I was thrilled when J. Patrick Lewis invited me to contribute a poem to his wonderful new anthology, The Poetry of US, which contains “More than 200 poems that celebrate the people, places, and passions of the United States.” The book is published by National Geographic, so it’s no surprise that the photographs on every page are gorgeous.

My assignment was to write a poem about New Jersey.

People laugh when they hear that Jersey’s nickname is “The Garden State.” All they’ve seen of my home state is highways — and the factories and airports that surround them.

In fact, for a small state, New Jersey is geographically diverse. Its long eastern border is the Atlantic Ocean. It contains the Pine Barrens, part of the Appalachian Trail, and many state forests.

You *may* also have some thoughts about New Jersey if you ever watched the infamous reality TV show, “The Jersey Shore.”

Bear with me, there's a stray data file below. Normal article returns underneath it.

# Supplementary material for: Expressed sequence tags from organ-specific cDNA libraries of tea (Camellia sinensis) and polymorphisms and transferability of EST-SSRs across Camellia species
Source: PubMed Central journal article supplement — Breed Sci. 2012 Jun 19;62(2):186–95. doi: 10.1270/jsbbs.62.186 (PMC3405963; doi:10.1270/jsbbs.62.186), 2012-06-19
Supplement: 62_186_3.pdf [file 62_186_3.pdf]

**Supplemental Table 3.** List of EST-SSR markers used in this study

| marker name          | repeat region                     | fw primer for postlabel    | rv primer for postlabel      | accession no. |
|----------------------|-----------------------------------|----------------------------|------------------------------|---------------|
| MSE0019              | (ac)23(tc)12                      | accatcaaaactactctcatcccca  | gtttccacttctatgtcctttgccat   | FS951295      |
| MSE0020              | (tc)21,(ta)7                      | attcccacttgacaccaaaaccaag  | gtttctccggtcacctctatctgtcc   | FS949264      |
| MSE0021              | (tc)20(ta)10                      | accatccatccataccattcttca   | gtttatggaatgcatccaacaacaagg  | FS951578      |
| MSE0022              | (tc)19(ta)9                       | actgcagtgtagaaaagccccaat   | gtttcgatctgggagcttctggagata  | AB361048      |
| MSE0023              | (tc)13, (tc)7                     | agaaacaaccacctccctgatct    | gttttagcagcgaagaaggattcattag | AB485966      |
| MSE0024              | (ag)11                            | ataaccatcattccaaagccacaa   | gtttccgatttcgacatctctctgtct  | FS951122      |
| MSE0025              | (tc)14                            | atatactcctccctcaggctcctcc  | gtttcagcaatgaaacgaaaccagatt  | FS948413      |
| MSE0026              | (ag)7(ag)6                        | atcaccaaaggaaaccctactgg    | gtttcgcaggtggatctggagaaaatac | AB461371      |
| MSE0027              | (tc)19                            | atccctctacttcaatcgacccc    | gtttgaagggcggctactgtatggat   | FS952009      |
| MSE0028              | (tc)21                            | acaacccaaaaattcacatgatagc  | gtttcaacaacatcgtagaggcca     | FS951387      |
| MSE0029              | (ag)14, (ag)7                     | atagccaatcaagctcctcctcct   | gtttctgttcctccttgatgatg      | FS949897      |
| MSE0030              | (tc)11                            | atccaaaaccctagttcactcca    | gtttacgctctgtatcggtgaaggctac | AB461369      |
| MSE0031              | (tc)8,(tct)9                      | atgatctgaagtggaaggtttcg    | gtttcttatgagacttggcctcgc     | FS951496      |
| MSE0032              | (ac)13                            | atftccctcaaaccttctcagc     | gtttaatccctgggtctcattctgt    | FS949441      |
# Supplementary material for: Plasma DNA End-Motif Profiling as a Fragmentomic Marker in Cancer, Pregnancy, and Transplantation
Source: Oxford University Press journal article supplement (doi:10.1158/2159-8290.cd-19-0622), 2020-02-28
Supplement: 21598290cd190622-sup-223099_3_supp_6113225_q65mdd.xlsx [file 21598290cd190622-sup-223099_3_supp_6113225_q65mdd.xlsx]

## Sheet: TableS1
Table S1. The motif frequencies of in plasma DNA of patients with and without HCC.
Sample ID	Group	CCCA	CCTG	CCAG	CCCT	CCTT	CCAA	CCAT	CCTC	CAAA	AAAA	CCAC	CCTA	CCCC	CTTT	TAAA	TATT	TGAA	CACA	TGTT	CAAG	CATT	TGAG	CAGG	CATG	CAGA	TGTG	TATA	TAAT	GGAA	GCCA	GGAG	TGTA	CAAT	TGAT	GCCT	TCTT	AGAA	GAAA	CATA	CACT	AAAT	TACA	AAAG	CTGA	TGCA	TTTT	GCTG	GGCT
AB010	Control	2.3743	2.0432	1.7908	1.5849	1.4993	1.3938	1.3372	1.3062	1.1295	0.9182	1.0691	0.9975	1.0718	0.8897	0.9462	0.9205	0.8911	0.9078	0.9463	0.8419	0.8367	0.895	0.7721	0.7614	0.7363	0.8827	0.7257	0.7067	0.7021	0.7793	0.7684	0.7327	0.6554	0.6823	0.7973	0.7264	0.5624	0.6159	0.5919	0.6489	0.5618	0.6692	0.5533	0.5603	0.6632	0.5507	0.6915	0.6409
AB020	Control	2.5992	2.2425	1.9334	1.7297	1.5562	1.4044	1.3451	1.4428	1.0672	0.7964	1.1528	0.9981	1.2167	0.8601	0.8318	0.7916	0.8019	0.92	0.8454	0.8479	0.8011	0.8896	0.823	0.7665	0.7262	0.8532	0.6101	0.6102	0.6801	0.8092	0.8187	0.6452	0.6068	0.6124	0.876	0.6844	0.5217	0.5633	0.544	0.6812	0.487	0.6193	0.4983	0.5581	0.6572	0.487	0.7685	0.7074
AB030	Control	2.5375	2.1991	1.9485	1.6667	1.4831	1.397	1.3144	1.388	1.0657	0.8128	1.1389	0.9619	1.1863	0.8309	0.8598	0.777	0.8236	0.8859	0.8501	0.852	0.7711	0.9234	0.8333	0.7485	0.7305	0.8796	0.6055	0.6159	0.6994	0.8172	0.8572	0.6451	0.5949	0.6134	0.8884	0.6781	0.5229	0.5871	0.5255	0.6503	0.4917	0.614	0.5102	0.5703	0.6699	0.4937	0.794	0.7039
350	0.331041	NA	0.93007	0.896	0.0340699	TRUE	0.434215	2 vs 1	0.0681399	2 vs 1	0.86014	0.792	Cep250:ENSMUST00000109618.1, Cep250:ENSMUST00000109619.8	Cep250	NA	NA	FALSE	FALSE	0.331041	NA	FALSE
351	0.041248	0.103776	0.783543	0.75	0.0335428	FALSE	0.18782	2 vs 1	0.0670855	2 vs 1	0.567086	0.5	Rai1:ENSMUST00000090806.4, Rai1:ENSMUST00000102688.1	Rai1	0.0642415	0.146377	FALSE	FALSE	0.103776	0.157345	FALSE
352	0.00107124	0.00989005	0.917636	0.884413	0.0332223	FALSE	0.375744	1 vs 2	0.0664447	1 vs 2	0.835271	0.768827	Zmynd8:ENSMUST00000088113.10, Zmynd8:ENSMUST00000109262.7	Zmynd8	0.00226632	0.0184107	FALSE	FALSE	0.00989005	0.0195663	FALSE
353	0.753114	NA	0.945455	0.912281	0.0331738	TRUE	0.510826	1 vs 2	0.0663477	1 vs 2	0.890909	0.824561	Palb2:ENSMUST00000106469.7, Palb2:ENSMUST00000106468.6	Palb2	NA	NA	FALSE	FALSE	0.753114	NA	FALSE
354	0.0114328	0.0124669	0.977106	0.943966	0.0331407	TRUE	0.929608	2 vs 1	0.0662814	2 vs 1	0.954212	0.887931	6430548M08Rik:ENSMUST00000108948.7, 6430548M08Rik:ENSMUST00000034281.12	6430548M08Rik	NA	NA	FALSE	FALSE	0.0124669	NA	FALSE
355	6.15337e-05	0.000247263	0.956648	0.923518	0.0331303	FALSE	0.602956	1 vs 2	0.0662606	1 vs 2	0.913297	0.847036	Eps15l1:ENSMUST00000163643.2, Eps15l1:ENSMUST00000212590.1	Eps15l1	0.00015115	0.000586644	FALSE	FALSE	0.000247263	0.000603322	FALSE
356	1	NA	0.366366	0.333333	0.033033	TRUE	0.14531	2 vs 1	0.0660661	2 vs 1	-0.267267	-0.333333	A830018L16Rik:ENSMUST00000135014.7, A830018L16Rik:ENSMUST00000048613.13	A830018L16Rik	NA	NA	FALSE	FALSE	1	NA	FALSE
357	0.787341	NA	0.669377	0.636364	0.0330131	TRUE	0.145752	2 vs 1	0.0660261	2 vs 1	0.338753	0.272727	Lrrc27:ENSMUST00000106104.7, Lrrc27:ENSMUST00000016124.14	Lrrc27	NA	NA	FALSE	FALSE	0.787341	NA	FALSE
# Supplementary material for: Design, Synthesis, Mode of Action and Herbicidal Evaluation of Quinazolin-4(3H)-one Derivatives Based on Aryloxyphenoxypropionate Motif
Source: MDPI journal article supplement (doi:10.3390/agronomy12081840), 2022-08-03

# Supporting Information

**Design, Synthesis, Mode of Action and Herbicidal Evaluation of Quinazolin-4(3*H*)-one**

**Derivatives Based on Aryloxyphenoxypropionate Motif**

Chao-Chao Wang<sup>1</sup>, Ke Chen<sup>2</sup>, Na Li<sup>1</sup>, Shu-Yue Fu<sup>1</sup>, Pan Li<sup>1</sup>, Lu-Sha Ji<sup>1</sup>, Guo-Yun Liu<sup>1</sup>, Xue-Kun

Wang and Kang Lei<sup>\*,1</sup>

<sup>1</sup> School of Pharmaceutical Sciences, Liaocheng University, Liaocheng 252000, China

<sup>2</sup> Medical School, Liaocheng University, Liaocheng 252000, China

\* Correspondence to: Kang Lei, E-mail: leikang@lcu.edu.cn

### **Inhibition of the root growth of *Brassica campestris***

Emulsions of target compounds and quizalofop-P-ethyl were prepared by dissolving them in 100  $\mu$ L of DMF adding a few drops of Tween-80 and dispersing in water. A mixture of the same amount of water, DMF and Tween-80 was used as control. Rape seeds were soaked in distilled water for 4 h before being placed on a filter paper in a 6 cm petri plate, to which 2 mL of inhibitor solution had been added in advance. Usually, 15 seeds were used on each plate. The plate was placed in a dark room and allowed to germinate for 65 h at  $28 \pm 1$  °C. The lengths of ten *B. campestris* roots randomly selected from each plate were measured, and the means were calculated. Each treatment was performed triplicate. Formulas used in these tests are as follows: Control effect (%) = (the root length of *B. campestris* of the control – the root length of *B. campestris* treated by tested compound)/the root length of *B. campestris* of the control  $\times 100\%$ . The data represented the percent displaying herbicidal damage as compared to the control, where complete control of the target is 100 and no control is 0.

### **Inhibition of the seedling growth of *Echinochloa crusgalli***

When I sat down to write my poem, I wanted to show people the other side of New Jersey. I thought about summertime trips to the beach when I was a child, and how some of the places we loved best had been devastated by Super Storm Sandy in 2012. There’s a video showing the damage to our favorite boardwalk in Seaside Heights here.

Most of the time, my family avoided the bustle and busy-ness of the boardwalk and amusement parks. Instead, we would leave early, early in the morning to find a spot at Island Beach State Park. This is a preserved, undeveloped barrier island with beautiful, spare beaches.

I always loved running along the path, over the dunes, and catching that first glimpse of the Atlantic.


Beach Day
Island Beach State Park, New Jersey
by Laura Shovan

 We leave home before dawn, our car packed
with towels, sunblock, coolers of food.

There are closer beaches,
but they’re for boardwalk people.

We smile when we reach the park gate.
No hotels here. No tourist shops.